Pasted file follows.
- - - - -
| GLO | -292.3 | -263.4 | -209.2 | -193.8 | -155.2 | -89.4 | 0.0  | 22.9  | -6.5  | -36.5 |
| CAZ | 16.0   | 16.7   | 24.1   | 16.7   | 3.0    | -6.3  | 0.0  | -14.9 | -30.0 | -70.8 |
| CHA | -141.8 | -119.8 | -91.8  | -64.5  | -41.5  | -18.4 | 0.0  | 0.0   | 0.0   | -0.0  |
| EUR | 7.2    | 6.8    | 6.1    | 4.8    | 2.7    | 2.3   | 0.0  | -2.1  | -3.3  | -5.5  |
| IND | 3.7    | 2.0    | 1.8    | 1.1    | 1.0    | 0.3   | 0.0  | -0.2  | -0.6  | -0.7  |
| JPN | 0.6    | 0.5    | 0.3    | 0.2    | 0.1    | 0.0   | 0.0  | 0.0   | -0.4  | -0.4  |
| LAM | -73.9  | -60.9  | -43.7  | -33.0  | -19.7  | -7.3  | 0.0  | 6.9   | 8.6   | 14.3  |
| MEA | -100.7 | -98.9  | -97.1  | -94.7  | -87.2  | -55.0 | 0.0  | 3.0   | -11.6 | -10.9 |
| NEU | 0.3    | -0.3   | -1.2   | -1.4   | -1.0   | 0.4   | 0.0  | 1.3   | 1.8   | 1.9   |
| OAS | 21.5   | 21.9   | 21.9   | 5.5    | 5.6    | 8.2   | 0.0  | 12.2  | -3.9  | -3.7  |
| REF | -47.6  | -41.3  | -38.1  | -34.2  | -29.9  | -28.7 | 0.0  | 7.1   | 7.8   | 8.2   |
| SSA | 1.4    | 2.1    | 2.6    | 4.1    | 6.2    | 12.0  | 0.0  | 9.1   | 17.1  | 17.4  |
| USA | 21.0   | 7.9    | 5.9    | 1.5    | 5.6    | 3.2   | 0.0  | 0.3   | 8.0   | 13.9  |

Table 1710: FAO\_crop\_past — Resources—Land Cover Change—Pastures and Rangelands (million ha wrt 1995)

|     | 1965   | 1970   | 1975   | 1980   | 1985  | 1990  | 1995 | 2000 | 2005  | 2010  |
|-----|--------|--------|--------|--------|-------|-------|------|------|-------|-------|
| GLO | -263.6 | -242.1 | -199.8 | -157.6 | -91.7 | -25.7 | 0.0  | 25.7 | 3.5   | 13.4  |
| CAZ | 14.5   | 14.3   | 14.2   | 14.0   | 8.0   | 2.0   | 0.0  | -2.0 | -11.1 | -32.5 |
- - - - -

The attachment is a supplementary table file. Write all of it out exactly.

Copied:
| GLO | -292.3 | -263.4 | -209.2 | -193.8 | -155.2 | -89.4 | 0.0  | 22.9  | -6.5  | -36.5 |
| CAZ | 16.0   | 16.7   | 24.1   | 16.7   | 3.0    | -6.3  | 0.0  | -14.9 | -30.0 | -70.8 |
| CHA | -141.8 | -119.8 | -91.8  | -64.5  | -41.5  | -18.4 | 0.0  | 0.0   | 0.0   | -0.0  |
| EUR | 7.2    | 6.8    | 6.1    | 4.8    | 2.7    | 2.3   | 0.0  | -2.1  | -3.3  | -5.5  |
| IND | 3.7    | 2.0    | 1.8    | 1.1    | 1.0    | 0.3   | 0.0  | -0.2  | -0.6  | -0.7  |
| JPN | 0.6    | 0.5    | 0.3    | 0.2    | 0.1    | 0.0   | 0.0  | 0.0   | -0.4  | -0.4  |
| LAM | -73.9  | -60.9  | -43.7  | -33.0  | -19.7  | -7.3  | 0.0  | 6.9   | 8.6   | 14.3  |
| MEA | -100.7 | -98.9  | -97.1  | -94.7  | -87.2  | -55.0 | 0.0  | 3.0   | -11.6 | -10.9 |
| NEU | 0.3    | -0.3   | -1.2   | -1.4   | -1.0   | 0.4   | 0.0  | 1.3   | 1.8   | 1.9   |
| OAS | 21.5   | 21.9   | 21.9   | 5.5    | 5.6    | 8.2   | 0.0  | 12.2  | -3.9  | -3.7  |
| REF | -47.6  | -41.3  | -38.1  | -34.2  | -29.9  | -28.7 | 0.0  | 7.1   | 7.8   | 8.2   |
| SSA | 1.4    | 2.1    | 2.6    | 4.1    | 6.2    | 12.0  | 0.0  | 9.1   | 17.1  | 17.4  |
| USA | 21.0   | 7.9    | 5.9    | 1.5    | 5.6    | 3.2   | 0.0  | 0.3   | 8.0   | 13.9  |

Table 1710: FAO\_crop\_past — Resources—Land Cover Change—Pastures and Rangelands (million ha wrt 1995)

|     | 1965   | 1970   | 1975   | 1980   | 1985  | 1990  | 1995 | 2000 | 2005  | 2010  |
|-----|--------|--------|--------|--------|-------|-------|------|------|-------|-------|
| GLO | -263.6 | -242.1 | -199.8 | -157.6 | -91.7 | -25.7 | 0.0  | 25.7 | 3.5   | 13.4  |
| CAZ | 14.5   | 14.3   | 14.2   | 14.0   | 8.0   | 2.0   | 0.0  | -2.0 | -11.1 | -32.5 |